Theatre in Wales

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Very profound and simultaneously entertaining

The Taming of the Shrew

Watermill/Propeller/Old Vic , Aberystwyth Arts Centre , December-07-06
The Taming of the Shrew by Watermill/Propeller/Old Vic This review originally appeared in a shortened form in The Western Mail.....

Propellor’s new all-male production of Shakespeare’s The Taming of the Shrew adds an insightful and provocative twist to what many in the twenty first century consider to be a rather outdated depiction of the battle between the sexes.

An innovative and perceptive production (superbly directed by Edward Hall), this is an intelligent interpretation of the familiar story concerning the transformation of a wilful and assertive young woman into a meek and obedient spouse. Unlike so many productions which depict the painful suppression of female spirit in a confusingly light and comic vein, this vibrant and radical version reveals not only Petruchio (who is also doubled as Christoper Sly) to be a brutish and insensitive thug, but also it dramatically attacks men’s often cavalier and harmful treatment of women across the centuries.

This scathing indictment of men’s treatment of women down the ages is suggested by the representation of men from a range of professions, eras and cultures, including the mafia gangster, the bull-fighter, the stereotypical bowler-donning city gent, the eighties medallion man complete with six inch platform boots and the paternal academic (Bravo Carly Marsh and Rachael Thurley in wardrobe). None of these highly familiar caricatures of machismo escapes vilification, and in this way Petruchio (brilliantly portrayed with a sexually provocative swagger by Dugald Bruce Lockhart) is shown to be just a particularly vociferous negative representation of manhood amongst many. This eclectic gang includes a sharp suited money-grabbing father, Baptista (played with aplomb by Bob Barret), the matador-costumed Tranio (stand up Tony Bell!) to Petruchio’s pistol packing cowboy sidekick (hilariously portrayed by Jason Baughan).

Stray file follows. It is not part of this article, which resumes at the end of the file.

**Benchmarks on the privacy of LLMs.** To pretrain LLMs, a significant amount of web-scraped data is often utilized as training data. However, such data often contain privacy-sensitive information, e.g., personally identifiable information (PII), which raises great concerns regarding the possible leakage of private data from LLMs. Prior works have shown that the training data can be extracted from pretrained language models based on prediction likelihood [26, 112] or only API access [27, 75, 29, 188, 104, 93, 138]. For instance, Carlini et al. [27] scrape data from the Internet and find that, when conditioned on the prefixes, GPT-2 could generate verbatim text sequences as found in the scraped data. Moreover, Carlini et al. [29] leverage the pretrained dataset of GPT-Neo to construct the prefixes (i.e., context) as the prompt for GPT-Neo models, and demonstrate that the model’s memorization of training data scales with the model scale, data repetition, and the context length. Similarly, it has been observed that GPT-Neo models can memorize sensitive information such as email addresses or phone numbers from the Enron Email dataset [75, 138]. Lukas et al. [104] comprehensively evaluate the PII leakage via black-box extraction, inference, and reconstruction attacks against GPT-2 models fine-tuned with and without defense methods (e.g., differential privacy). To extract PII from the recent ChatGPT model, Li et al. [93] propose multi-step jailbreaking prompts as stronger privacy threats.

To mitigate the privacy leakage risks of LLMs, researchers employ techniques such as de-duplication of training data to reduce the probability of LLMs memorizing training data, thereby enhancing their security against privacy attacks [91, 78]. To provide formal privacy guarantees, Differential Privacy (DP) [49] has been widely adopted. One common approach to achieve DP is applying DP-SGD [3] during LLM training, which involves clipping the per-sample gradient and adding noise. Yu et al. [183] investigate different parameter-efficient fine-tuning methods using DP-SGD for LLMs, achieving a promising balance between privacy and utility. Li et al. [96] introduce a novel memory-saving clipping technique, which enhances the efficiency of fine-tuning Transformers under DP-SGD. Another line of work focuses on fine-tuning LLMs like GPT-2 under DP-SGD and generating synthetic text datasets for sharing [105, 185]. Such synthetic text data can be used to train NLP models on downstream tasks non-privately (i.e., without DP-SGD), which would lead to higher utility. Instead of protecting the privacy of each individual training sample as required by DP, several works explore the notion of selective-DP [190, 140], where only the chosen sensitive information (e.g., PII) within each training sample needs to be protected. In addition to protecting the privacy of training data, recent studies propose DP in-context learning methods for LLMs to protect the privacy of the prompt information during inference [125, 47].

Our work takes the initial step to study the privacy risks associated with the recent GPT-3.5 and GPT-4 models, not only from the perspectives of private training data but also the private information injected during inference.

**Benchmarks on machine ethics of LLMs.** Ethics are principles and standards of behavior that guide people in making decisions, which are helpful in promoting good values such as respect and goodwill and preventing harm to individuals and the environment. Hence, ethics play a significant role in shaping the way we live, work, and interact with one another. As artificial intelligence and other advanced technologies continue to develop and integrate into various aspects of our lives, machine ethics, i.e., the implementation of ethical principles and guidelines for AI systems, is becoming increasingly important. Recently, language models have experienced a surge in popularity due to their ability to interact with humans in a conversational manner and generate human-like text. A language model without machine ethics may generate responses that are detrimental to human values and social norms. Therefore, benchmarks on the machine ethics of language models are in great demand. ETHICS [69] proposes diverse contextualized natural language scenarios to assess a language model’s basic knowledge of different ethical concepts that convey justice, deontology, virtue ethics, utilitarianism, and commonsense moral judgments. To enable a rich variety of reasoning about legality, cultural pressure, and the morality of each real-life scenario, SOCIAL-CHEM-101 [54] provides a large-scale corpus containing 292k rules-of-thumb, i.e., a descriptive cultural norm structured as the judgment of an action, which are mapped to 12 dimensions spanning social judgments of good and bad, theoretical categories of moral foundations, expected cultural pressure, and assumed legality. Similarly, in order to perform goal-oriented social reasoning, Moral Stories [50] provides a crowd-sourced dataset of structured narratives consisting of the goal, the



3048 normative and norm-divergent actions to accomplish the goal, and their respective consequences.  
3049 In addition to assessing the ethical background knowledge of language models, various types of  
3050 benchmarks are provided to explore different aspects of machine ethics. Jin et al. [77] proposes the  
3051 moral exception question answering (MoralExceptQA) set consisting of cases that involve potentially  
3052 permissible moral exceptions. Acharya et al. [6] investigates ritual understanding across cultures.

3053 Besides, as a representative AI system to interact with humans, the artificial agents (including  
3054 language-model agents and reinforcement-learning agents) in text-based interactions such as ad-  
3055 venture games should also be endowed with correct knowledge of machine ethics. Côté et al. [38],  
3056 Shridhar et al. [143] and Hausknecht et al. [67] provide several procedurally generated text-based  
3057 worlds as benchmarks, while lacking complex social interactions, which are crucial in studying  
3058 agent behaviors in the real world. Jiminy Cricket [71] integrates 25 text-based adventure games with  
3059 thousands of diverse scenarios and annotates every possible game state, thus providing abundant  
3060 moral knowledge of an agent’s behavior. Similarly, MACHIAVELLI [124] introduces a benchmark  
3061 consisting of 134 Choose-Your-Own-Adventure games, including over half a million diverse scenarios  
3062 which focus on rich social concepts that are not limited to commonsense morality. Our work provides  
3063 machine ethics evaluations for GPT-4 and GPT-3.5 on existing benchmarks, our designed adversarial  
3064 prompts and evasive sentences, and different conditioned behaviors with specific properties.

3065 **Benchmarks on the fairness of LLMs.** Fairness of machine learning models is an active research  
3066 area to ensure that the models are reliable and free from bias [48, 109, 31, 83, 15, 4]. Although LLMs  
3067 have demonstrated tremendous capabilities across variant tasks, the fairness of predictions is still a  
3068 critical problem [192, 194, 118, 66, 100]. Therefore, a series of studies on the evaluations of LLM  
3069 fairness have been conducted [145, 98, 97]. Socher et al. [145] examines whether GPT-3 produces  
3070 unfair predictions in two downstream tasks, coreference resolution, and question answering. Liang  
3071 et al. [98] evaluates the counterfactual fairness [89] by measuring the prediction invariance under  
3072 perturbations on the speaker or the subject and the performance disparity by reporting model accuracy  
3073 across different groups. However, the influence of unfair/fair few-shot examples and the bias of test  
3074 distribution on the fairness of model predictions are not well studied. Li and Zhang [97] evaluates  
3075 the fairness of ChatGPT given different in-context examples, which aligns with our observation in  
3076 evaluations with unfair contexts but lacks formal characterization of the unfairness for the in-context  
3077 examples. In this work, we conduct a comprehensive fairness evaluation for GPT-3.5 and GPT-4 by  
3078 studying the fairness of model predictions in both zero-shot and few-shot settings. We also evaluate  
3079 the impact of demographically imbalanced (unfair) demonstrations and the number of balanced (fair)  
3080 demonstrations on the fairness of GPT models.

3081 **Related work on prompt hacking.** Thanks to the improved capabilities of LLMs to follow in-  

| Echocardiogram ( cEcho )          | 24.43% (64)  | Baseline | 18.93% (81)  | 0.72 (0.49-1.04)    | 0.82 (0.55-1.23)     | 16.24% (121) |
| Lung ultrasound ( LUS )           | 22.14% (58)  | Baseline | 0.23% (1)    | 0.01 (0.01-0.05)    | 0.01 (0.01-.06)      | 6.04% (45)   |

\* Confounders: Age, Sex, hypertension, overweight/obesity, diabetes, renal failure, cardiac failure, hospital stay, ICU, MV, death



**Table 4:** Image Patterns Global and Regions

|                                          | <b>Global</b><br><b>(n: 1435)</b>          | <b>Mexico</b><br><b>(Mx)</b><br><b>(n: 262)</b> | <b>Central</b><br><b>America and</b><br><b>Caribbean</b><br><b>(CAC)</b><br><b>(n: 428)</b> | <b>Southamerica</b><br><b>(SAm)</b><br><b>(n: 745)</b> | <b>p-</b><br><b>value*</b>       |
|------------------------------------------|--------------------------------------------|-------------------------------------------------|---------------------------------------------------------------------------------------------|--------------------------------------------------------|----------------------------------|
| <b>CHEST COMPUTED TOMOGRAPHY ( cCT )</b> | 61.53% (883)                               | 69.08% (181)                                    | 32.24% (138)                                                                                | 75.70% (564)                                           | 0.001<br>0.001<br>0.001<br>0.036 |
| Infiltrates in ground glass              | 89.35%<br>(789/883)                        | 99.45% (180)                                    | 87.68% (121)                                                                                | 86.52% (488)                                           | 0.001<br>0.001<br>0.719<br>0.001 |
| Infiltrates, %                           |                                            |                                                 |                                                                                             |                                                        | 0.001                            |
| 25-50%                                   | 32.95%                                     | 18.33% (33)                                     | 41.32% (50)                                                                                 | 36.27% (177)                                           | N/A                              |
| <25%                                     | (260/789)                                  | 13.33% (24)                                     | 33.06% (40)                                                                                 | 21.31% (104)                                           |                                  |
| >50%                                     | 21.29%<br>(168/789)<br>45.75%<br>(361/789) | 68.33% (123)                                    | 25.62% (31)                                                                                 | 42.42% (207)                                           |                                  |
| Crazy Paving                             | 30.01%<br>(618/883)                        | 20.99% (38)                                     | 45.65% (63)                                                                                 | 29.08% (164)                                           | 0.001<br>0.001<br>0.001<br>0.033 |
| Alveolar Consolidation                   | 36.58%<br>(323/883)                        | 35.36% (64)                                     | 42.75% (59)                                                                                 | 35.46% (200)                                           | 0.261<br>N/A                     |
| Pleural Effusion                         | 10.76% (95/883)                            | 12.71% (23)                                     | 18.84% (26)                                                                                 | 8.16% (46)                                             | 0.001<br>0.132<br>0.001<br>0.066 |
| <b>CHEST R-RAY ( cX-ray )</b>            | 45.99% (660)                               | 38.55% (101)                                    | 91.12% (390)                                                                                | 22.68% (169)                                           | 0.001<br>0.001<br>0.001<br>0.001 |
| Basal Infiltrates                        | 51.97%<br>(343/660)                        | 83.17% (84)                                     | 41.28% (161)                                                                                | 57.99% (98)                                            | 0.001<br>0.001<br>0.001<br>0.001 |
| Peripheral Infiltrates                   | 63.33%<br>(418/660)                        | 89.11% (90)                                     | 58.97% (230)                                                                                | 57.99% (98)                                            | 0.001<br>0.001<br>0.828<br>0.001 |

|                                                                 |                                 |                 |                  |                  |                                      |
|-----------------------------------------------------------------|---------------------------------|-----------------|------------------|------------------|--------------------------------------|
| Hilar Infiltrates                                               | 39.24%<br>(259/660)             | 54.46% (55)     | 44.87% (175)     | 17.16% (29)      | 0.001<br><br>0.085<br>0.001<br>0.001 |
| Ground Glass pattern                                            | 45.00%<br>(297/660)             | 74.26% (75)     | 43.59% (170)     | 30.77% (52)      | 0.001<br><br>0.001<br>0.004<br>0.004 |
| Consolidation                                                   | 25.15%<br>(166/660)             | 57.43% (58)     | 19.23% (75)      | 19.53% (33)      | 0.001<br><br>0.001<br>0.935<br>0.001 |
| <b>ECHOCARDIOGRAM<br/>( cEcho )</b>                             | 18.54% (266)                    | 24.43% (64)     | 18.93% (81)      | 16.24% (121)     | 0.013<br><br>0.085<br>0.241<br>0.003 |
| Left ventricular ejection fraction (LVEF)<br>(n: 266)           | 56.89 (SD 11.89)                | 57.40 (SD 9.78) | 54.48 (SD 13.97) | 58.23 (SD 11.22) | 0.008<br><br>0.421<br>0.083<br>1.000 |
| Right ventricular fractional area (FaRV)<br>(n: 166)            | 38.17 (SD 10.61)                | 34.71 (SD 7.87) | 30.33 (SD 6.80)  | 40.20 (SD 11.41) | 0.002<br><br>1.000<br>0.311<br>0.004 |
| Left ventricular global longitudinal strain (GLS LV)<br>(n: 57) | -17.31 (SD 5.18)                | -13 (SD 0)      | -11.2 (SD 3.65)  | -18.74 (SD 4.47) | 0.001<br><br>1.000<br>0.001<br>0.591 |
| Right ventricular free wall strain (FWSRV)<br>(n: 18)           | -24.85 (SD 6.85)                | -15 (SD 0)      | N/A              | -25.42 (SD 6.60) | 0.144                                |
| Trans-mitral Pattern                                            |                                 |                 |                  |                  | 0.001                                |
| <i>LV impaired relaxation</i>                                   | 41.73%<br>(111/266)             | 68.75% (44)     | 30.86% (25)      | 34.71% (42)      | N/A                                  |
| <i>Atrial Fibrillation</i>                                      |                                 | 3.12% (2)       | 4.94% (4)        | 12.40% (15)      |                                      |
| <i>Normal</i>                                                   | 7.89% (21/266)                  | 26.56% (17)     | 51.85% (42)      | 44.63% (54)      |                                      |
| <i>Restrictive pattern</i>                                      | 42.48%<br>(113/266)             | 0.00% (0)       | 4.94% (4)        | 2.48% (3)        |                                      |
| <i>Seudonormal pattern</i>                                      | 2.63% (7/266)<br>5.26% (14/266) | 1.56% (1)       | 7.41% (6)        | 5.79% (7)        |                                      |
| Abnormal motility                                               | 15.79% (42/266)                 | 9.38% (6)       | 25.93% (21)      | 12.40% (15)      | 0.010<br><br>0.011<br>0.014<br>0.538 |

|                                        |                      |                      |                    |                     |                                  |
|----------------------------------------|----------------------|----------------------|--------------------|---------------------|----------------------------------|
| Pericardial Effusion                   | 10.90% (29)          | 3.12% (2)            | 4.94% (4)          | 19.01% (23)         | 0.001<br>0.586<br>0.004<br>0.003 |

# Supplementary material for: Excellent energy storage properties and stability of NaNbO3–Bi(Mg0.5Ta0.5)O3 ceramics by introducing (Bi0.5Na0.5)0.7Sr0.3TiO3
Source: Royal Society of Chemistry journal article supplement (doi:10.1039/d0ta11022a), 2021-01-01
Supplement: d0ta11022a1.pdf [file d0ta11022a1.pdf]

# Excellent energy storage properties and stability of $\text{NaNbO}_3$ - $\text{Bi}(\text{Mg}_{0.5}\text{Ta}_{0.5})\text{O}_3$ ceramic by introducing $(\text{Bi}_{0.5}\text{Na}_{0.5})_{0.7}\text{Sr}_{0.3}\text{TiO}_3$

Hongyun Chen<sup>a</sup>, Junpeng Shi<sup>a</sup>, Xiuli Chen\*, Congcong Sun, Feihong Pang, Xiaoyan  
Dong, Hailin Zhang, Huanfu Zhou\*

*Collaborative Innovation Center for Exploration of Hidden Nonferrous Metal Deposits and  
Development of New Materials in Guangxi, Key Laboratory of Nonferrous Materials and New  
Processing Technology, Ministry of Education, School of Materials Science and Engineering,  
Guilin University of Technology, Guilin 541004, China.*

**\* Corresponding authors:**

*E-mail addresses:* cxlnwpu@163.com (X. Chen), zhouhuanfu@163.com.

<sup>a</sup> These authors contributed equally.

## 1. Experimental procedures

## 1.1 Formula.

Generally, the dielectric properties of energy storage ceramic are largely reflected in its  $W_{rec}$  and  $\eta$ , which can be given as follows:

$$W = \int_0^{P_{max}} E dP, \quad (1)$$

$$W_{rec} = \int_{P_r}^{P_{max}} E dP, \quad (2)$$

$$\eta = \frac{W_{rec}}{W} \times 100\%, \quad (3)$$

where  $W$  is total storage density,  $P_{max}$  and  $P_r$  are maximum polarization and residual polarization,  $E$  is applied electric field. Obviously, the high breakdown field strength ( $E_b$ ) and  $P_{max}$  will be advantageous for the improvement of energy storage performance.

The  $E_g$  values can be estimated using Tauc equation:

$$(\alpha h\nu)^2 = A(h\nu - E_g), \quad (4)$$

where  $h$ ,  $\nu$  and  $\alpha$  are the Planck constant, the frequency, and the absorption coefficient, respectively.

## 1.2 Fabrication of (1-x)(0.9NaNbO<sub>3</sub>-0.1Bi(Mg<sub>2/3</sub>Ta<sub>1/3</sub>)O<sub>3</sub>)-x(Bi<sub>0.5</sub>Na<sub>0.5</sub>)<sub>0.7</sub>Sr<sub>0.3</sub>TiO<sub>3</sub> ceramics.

An ingenious set design by Laura Martin and Robert Knight uses closets and wardrobes, bringing not only a highly comic dimension to the characters’ exits and entrances, but also hinting at those hidden and often covered up aspects of marital life conveyed by phrases such as “behind closed doors” and “skeletons in the closet”.

Just as the setting is non-specific, so too musical accompaniment (often on stage and performed beautifully by cast members) is diverse and seemingly random – including the sounds of gospel, disco, barber quartet, operatic. Undeniably, this production bombards the senses, but not at the expense of a pertinent and thoughtful intellectual response to issues surrounding power and its misuse.

The few female characters are very much shown to be easy prey to the callous greed and sexual competitiveness of men. Bianca (convincingly portrayed as a quietly determined but outwardly compliant young woman by Jon Trenchard) and The Widow (Dominic Tighe) convey a pragmatic resignation to a world in which dowries are just as important as emotion in the matrimonial stakes. Katherine, meanwhile has to learn the hard way, and Simon Cardifield’s outstanding characterisation of a woman beaten into submission brought a genuine and heartfelt tear to my eye. Indeed, the pain and anguish of Katherine’s closing capitulation to male domination is palpable, and in this way, a play which is often considered to be a light-hearted romp about courtship and marriage is subtly transformed into a disturbingly candid insight into domestic abuse.

Comedy, tragedy, fantasy, realism, pathos and farce all surface in this superb ensemble production – a fitting variety of tones for a play concerned with relationships, courtship and marriage, and for a production of a play that manages to speak with a very profound and simultaneously entertaining voice to a twenty first century audience.

A must see!

Reviewed by: Alison Forsyth

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